Google is one step closer to refining its own robot ninja. Thankfully, it's still several steps away from building its own robot army.
Google-owned robotics firm Boston Dynamics has released a video showing off one of its Atlas robots' new skills.
Ian, one of Google's massive robots, can perform complicated tasks such as traverse on uneven terrain, hold a fire hose and even get inside a car and drive it. Now, the 6-foot, 2-inch humanoid can perform a karate move -- and it's not just any old karate move. It's the classic crane kick made popular by high school senior Daniel Larusso in the 1984 film Karate Kid.
In the video, one can see Ian balancing on one leg atop a stack of concrete blocks while slowly raising his arms in the air, as in the movie's climactic scene where Daniel gets ready to throw the winning crane kick.
Unfortunately, Ian doesn't unleash any jump kicks in this video, and it won't be doing any jumping for a while. Boston Dynamics and the Florida-based Institute for Human and Machine Cognition, which programmed Ian to flawlessly perform the crane pose, still have a lot of work to do.
Nevertheless, doing the crane pose is no small feat for such a huge robot, or any robot for that matter. Many average human beings will also have a hard time keeping still while standing one-legged on a stack of blocks with arms up in the air without toppling over.
Ralph Macchio, who played Daniel, was only 120 pounds when he mastered the fictional karate move. Ian's massive 330-pound build makes it an extraordinary challenge just to balance on one foot, but that doesn't mean Boston Dynamics is not working on Ian's jumping techniques.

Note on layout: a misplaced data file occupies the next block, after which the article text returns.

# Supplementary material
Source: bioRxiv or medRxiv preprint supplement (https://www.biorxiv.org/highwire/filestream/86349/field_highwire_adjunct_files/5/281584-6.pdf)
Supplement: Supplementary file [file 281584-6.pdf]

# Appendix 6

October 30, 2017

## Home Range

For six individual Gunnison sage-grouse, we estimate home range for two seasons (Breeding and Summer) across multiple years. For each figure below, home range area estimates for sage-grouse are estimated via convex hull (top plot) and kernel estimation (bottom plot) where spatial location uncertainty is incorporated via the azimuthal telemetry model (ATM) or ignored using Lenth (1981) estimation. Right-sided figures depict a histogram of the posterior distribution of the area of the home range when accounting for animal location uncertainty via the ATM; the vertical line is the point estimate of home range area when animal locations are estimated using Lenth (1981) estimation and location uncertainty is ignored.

Few robots can actually jump. That includes Honda's latest model of ASIMO, a lightweight humanoid weighing 106 pounds that can jump a few inches in the air in different directions. JSK Labs of the University of Tokyo also has its own HRP3L-JSK, which can jump higher but still doesn't have the ability to land.
Ian's impressive new balancing act might just give him the first prize at this year's DARPA Robotics Challenge, where he won second place last year for exhibiting firefighting skills that may eventually be used to replace human disaster response workers in dangerous areas.
Ian is currently powered through an electric generator that connects to the robot via a cable, but Boston Dynamics says it will eventually be able to get rid of the need for a wired connection.
Ian's head is equipped with two cameras and a laser rangefinder that allows for depth perception needed for the robot to navigate its way through the physical world. It can turn its head to observe the environment with the help of its 28 movable joints, far less than the 360 joints found in the human body.